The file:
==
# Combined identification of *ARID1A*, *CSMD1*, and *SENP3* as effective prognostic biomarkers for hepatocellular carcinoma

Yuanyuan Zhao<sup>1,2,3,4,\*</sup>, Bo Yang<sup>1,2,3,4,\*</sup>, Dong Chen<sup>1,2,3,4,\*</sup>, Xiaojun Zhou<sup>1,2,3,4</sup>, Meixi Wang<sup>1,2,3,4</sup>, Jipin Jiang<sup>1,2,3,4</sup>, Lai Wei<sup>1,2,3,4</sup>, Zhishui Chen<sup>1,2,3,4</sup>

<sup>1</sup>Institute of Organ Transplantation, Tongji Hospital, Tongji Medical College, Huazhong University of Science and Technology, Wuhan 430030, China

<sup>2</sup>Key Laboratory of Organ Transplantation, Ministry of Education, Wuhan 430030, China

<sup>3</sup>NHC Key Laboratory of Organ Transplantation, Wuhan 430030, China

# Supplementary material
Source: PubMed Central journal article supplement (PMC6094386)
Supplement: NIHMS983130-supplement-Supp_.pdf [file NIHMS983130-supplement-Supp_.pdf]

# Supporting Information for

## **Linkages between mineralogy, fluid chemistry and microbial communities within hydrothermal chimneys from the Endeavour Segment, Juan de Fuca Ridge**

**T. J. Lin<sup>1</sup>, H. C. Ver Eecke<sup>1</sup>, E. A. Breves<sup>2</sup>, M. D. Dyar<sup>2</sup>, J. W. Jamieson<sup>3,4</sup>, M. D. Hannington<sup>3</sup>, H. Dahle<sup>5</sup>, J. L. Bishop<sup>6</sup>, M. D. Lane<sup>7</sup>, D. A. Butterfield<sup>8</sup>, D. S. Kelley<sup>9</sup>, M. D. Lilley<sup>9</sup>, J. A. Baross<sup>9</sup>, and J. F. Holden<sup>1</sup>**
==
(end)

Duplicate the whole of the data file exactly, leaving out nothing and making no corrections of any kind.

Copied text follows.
# Combined identification of *ARID1A*, *CSMD1*, and *SENP3* as effective prognostic biomarkers for hepatocellular carcinoma

Yuanyuan Zhao<sup>1,2,3,4,\*</sup>, Bo Yang<sup>1,2,3,4,\*</sup>, Dong Chen<sup>1,2,3,4,\*</sup>, Xiaojun Zhou<sup>1,2,3,4</sup>, Meixi Wang<sup>1,2,3,4</sup>, Jipin Jiang<sup>1,2,3,4</sup>, Lai Wei<sup>1,2,3,4</sup>, Zhishui Chen<sup>1,2,3,4</sup>

<sup>1</sup>Institute of Organ Transplantation, Tongji Hospital, Tongji Medical College, Huazhong University of Science and Technology, Wuhan 430030, China

<sup>2</sup>Key Laboratory of Organ Transplantation, Ministry of Education, Wuhan 430030, China

<sup>3</sup>NHC Key Laboratory of Organ Transplantation, Wuhan 430030, China

# Supplementary material
Source: PubMed Central journal article supplement (PMC6094386)
Supplement: NIHMS983130-supplement-Supp_.pdf [file NIHMS983130-supplement-Supp_.pdf]

# Supporting Information for

## **Linkages between mineralogy, fluid chemistry and microbial communities within hydrothermal chimneys from the Endeavour Segment, Juan de Fuca Ridge**

**T. J. Lin<sup>1</sup>, H. C. Ver Eecke<sup>1</sup>, E. A. Breves<sup>2</sup>, M. D. Dyar<sup>2</sup>, J. W. Jamieson<sup>3,4</sup>, M. D. Hannington<sup>3</sup>, H. Dahle<sup>5</sup>, J. L. Bishop<sup>6</sup>, M. D. Lane<sup>7</sup>, D. A. Butterfield<sup>8</sup>, D. S. Kelley<sup>9</sup>, M. D. Lilley<sup>9</sup>, J. A. Baross<sup>9</sup>, and J. F. Holden<sup>1</sup>**